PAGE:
Operations in the information environment will be a critical part of future joint force operations and should be baked in to those operations as a fully valued tool in commanders’ combined arms toolboxes. Reaching that goal will require greater acceptance and understanding of information across the joint force, new structures for information forces, and the evolution of how operations in the information environment are handled within the staff.
As dramatic changes in society are redefining the role of communication in organizational leadership across civil industry in the democratized world, a similar topic of professionalism is inspiring new conversations among U.S. military leaders. Public affairs officers and military researchers have identified challenges that complicate the best use of communication talent in the military. Insufficient training, how and where many public affairs officers are placed within unit organizational staffs, and unit cultures have historically marginalized the career field, inhibiting the inculcation of a professional ethos across the public affairs community.
All the instruments of U.S. informational power must become stronger because of the surge of non-state actors in international affairs, the need to integrate advocacy and influence with more coercive tools of statecraft, and the urgency of again considering the war of ideas. The information environment of the 21st century will feature contested narratives, information blocking, Islamist social media, Russia’s hybrid warfare, and China’s three warfares.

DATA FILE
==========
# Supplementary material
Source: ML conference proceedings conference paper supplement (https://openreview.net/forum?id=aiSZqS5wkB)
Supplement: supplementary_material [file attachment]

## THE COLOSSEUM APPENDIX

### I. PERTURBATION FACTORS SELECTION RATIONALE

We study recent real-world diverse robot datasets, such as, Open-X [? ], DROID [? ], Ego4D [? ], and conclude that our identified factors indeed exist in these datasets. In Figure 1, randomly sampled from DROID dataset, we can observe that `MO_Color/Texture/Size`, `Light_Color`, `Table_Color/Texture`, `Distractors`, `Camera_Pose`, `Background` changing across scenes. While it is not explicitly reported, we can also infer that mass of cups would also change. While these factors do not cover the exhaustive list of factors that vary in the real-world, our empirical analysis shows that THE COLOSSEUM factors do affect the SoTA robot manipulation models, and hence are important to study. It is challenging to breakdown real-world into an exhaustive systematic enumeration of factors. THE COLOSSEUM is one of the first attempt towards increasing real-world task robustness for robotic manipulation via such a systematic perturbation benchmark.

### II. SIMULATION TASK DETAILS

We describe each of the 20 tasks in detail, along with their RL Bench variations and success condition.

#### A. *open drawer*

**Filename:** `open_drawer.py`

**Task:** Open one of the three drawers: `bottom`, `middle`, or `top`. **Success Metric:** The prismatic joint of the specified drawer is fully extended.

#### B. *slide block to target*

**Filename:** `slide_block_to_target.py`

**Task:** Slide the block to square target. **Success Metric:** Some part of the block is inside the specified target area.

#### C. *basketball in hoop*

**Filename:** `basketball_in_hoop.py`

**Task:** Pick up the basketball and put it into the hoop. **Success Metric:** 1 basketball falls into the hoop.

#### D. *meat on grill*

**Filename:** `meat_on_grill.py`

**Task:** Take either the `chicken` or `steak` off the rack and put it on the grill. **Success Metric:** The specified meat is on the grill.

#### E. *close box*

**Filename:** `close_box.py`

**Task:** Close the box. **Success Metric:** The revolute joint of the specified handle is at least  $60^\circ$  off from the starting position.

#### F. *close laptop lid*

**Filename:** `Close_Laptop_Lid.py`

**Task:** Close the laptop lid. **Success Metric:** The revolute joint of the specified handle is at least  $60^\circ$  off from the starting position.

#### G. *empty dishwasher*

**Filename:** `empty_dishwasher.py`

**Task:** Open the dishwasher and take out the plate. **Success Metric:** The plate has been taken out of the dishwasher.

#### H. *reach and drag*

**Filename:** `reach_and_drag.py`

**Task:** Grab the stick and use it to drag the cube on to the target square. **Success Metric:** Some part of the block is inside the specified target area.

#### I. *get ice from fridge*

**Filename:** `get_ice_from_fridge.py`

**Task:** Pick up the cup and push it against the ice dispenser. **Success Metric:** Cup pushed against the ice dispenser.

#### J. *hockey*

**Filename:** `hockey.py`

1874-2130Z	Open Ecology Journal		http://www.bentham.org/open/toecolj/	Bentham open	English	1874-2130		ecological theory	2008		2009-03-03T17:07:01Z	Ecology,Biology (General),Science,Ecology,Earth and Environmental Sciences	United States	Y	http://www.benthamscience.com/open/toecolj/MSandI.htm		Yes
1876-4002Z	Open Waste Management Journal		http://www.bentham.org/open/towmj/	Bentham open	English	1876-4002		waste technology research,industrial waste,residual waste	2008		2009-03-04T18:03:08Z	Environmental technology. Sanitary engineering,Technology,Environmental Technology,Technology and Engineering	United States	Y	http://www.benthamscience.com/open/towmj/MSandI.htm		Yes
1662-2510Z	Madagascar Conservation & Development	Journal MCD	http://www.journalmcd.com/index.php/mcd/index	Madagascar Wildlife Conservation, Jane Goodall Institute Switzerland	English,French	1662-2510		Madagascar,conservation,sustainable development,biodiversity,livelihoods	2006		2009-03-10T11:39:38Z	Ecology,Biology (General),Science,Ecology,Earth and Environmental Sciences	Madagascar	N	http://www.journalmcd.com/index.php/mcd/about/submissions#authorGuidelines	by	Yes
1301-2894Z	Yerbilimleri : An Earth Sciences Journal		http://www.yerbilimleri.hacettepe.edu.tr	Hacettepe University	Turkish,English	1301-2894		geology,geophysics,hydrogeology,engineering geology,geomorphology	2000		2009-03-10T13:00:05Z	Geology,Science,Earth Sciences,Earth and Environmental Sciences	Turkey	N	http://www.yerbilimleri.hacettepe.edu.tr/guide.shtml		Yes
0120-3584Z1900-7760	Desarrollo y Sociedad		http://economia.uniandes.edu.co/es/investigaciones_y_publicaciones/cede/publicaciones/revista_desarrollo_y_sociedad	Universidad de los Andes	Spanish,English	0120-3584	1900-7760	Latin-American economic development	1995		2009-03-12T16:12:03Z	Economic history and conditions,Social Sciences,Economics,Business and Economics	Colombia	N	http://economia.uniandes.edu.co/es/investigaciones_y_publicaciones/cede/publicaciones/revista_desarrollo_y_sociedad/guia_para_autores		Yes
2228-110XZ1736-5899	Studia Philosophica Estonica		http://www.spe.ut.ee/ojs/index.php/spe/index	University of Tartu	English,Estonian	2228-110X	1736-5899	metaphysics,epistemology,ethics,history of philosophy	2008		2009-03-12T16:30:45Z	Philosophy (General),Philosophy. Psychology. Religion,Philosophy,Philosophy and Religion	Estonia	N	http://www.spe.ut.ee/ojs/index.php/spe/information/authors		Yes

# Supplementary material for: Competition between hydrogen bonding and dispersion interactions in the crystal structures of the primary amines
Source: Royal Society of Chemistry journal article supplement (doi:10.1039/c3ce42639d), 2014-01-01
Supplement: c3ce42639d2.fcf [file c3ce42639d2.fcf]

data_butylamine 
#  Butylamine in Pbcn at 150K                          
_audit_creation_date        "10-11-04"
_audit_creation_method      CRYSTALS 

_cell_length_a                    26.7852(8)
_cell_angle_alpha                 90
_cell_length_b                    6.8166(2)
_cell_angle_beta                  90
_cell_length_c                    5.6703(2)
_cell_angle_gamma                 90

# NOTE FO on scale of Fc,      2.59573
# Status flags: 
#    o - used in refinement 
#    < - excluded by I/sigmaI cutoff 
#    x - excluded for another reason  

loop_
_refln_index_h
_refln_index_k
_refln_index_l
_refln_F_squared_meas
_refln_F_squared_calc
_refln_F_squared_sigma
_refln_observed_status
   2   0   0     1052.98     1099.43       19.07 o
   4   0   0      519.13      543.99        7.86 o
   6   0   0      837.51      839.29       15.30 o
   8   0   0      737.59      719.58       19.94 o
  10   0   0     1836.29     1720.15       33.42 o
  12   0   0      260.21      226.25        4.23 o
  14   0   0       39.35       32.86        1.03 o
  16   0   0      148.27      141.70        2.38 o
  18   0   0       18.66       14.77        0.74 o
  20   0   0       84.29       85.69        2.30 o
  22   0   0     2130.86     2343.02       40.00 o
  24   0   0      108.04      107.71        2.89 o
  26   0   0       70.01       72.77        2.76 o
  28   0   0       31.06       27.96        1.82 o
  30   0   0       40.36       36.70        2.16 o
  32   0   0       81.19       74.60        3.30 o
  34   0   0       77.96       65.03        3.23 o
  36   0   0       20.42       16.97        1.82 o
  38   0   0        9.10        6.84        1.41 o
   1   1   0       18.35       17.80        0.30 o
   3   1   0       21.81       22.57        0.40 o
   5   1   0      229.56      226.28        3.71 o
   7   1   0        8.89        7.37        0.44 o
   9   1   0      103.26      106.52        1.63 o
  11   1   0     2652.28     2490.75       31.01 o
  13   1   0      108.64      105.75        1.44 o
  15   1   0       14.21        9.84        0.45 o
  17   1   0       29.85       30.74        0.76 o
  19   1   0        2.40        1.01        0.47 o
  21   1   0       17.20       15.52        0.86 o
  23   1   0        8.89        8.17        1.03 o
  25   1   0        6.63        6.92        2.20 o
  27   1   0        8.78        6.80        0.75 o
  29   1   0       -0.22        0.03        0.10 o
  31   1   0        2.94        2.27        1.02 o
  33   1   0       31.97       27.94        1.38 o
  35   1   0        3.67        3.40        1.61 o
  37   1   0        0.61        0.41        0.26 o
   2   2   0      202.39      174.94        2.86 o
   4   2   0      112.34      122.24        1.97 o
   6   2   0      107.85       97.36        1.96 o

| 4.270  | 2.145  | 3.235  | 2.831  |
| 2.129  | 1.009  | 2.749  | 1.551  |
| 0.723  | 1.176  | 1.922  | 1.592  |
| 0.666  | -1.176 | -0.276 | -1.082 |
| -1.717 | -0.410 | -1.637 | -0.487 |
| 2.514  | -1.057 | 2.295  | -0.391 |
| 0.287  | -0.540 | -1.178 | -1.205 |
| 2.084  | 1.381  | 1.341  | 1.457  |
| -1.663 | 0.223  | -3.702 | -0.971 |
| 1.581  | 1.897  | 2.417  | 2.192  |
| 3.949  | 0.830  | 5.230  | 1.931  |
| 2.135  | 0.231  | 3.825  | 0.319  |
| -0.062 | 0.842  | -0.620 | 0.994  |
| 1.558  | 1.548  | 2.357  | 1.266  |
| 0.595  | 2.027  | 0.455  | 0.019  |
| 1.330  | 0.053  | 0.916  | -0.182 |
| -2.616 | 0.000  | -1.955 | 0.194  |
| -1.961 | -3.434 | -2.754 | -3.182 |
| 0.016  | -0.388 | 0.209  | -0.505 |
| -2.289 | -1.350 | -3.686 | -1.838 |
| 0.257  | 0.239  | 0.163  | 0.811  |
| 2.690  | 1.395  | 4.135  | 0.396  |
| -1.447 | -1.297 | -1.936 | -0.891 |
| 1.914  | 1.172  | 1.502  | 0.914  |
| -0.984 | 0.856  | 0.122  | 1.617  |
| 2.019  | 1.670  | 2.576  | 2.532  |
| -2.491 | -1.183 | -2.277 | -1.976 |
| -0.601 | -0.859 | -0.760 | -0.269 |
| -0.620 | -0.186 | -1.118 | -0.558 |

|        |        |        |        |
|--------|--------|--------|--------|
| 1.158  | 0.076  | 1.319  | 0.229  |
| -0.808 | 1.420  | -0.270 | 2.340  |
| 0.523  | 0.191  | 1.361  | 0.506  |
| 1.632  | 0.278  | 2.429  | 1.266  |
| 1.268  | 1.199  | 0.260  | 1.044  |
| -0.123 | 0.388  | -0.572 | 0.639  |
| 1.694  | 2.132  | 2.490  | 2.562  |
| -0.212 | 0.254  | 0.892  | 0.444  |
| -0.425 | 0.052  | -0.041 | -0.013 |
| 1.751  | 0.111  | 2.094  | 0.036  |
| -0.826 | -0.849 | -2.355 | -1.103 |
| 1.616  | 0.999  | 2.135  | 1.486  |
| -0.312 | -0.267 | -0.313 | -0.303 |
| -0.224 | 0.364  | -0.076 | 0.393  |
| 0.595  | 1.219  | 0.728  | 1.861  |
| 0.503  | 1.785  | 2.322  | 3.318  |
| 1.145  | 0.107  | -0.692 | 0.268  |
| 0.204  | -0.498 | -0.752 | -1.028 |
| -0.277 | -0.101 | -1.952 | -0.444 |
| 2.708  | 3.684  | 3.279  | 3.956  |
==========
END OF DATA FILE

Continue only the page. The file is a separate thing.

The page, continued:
Students of the Afghan conflict, information operations officers, public affairs professionals, diplomats, relief workers, and those working in the intelligence and psychological operations arenas would all be well served to have this reference close at hand. One can only hope the failures Johnson cites are not repeated, and, if the war cannot be won by the West, perhaps this book can help the Afghans find an honorable and enduring conclusion.
Ultimately, the best defense in information warfare is resilience—the ability to critically assess a dynamic information environment where everything is not always what it seems and manage the identified risks to ensure mission success. In a military context, this could include adapting basic and advanced levels of training to include fostering a deeper understanding for how information warfare is changing the nature of conflict, and how every service member’s actions can and will be used against them in a digital age.